A lot of the time, this complaint is due to what has been released already, rather than the potential. But it should be remembered, that these related issues that raise the complaints, are really the games and their design, not the limitation of the controls.
Touch controls offer instant interaction with the playing environment, as well as having some of the advantages of the other, more traditional control methods. Whatever you can do with a mouse and the cursor, you can do with your finger. Playing an RTS, you may want to drag a window over a group, this can be done with a Touch based interface. Accuracy when playing an FPS type game? A Touch interface can do this very well too if the elements have been designed with the finger in mind, like mentioned in my first point.
How about a controller? What can be taken from that comparison? Well, the controller is a tool that does nothing perfectly (bar maybe platform games) but everything good enough. But the fact that companies still release stuff like Joysticks, Steering Wheels and a plethora over Custom Controllers (Guitars, Dance Mats, Steel Battalion...) shows that yes, even the humble controller cannot do it all.
Will Touch controls ever be as flexible as the components on a controller? The stick, the D-Pad, the buttons, the triggers? Likely not, but that could depend on the games designed for it in the future, perhaps it will open up new genres. But even then, that doesn't remove flexibility completely. Plus, if you really, really want, you can still use that virtual controller...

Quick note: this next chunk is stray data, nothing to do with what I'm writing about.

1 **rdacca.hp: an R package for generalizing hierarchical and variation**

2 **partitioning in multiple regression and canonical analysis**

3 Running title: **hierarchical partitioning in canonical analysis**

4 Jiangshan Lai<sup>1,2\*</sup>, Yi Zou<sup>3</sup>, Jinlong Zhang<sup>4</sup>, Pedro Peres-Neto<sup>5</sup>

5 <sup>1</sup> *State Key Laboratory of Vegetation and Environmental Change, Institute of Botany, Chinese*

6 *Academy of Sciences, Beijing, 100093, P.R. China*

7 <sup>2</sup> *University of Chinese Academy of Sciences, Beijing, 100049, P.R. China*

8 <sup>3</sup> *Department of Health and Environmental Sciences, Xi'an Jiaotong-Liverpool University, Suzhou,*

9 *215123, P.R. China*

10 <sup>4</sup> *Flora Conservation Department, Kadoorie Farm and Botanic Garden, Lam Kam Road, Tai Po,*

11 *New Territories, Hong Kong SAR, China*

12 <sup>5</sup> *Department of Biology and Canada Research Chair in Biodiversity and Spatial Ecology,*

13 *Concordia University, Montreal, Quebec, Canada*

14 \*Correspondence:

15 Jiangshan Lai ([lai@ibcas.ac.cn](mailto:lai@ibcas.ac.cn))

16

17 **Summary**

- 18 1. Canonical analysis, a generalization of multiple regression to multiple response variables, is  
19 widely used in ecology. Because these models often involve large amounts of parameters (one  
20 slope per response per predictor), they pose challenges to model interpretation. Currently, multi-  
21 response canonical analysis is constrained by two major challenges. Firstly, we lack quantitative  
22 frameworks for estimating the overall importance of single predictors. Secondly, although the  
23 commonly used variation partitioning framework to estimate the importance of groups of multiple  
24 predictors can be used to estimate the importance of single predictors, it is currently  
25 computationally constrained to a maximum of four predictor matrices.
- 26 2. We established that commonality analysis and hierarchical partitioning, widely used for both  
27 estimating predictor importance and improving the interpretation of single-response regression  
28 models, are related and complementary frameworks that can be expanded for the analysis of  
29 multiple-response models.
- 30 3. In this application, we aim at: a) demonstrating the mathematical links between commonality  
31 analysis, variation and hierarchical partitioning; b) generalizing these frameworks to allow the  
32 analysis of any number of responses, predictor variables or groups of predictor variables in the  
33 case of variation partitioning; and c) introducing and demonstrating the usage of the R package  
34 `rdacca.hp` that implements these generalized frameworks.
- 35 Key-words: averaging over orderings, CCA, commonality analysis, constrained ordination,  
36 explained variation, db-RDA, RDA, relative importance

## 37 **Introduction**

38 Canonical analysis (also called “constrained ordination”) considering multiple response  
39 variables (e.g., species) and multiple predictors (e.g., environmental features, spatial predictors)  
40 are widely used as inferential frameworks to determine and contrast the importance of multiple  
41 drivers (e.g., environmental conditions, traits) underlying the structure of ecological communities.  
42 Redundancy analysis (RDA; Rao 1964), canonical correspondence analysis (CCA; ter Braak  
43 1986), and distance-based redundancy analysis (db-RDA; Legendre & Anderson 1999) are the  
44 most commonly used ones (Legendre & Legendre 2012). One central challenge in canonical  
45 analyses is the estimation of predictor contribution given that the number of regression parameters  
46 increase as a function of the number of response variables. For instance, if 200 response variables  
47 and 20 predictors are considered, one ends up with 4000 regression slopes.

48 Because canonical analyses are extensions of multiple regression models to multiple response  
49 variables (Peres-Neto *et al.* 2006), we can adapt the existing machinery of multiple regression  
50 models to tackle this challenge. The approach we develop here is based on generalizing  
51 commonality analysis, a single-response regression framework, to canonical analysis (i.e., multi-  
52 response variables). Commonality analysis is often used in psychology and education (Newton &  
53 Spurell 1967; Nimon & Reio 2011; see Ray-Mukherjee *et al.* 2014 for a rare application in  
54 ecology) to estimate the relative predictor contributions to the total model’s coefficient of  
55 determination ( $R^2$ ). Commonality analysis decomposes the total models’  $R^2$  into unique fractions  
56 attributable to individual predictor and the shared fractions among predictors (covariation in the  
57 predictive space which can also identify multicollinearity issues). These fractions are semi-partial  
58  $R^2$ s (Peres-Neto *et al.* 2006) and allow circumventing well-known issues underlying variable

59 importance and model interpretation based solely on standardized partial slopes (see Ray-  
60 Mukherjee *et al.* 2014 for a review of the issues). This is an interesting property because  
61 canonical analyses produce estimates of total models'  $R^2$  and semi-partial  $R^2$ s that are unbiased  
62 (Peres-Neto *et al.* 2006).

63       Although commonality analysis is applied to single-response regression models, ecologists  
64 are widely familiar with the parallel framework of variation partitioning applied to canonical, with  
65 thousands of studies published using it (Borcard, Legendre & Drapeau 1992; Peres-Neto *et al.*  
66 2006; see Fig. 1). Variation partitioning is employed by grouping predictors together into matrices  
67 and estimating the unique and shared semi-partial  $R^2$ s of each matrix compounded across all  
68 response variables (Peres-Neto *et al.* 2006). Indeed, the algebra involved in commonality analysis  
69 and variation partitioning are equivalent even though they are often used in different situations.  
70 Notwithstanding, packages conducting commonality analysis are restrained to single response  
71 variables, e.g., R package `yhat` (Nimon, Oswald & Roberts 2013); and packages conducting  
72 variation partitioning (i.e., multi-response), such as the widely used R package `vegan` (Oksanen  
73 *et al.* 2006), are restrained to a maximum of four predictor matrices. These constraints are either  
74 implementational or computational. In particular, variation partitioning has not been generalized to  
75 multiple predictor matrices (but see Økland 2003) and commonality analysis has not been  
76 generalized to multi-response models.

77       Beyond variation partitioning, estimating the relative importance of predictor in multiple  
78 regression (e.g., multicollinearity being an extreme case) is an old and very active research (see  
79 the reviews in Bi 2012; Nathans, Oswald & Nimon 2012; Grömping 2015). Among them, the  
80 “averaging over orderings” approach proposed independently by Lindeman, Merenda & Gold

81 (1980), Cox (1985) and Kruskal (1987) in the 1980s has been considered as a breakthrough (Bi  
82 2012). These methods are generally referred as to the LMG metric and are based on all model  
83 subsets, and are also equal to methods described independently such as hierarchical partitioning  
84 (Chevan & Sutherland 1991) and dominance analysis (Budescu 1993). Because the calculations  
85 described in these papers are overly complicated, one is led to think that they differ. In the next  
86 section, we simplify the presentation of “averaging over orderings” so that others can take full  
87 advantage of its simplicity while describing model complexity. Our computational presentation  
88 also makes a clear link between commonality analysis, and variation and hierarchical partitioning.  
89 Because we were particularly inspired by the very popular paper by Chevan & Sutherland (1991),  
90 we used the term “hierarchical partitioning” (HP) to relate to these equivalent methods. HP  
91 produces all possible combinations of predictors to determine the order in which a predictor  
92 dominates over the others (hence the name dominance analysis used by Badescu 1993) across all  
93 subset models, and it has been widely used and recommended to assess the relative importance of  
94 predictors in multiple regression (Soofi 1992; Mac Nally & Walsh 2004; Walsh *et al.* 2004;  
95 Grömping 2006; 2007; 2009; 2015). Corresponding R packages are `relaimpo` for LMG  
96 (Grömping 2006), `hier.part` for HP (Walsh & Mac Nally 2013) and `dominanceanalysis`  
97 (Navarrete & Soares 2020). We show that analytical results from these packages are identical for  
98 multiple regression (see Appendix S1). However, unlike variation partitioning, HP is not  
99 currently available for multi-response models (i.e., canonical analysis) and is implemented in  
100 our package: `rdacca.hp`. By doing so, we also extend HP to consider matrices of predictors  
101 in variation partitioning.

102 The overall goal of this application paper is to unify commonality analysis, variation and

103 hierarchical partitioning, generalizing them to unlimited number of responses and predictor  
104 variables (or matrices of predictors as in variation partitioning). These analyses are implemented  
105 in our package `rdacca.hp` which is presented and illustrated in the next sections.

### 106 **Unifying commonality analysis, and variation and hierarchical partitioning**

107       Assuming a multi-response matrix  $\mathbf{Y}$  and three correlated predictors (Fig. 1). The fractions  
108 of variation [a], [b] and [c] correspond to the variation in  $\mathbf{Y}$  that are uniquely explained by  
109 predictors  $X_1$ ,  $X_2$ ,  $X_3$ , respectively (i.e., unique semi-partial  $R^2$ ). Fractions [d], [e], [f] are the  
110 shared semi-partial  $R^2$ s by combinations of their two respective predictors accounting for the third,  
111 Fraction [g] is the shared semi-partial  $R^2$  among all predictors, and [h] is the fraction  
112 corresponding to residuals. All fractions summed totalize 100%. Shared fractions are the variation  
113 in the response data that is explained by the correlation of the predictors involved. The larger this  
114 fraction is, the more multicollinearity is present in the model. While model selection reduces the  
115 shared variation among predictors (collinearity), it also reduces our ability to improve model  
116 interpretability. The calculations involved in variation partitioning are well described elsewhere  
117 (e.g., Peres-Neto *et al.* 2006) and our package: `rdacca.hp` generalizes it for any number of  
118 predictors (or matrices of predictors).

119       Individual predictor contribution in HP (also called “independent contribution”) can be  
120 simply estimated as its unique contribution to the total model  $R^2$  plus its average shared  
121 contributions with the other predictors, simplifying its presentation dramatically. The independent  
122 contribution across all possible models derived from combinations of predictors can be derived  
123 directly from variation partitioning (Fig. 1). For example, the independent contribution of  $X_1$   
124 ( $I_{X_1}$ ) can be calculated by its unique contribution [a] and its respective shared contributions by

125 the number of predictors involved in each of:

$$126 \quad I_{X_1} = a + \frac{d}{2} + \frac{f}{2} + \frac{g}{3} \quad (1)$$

So, how would I sum all of this up? Well, I think that at the moment, too many enthusiast gamers are looking at the games and associating the sometimes debatable quality, with the control method being used. This has actually been the complaint with Motion Gaming for most of it's life also. But it's not directly related to the controls, it's just how they are being applied. With this kinda of logic, and just flipping it over, you could say that all games that use a Keyboard and Mouse, or all games that use a Controller are all great games. And I think we can all see how untrue that would be.
With more and more developers becoming familiar with the devices that employ this method of input, the more games we see with it being utilized in the best way possible. But the Touch Screen as a gaming tool is still in the early days. Even though the DS had it, it was used as a secondary input on most games, rather than the primary, so even with that time taken into account, it still wasn't being used in the way that it is now.
The most disappointing part of it all, is that most of the complaints come from those who would call themselves gaming enthusiasts. Why would an enthusiast of any hobby, want to stop the branching of it's potential? They're just a new way to play.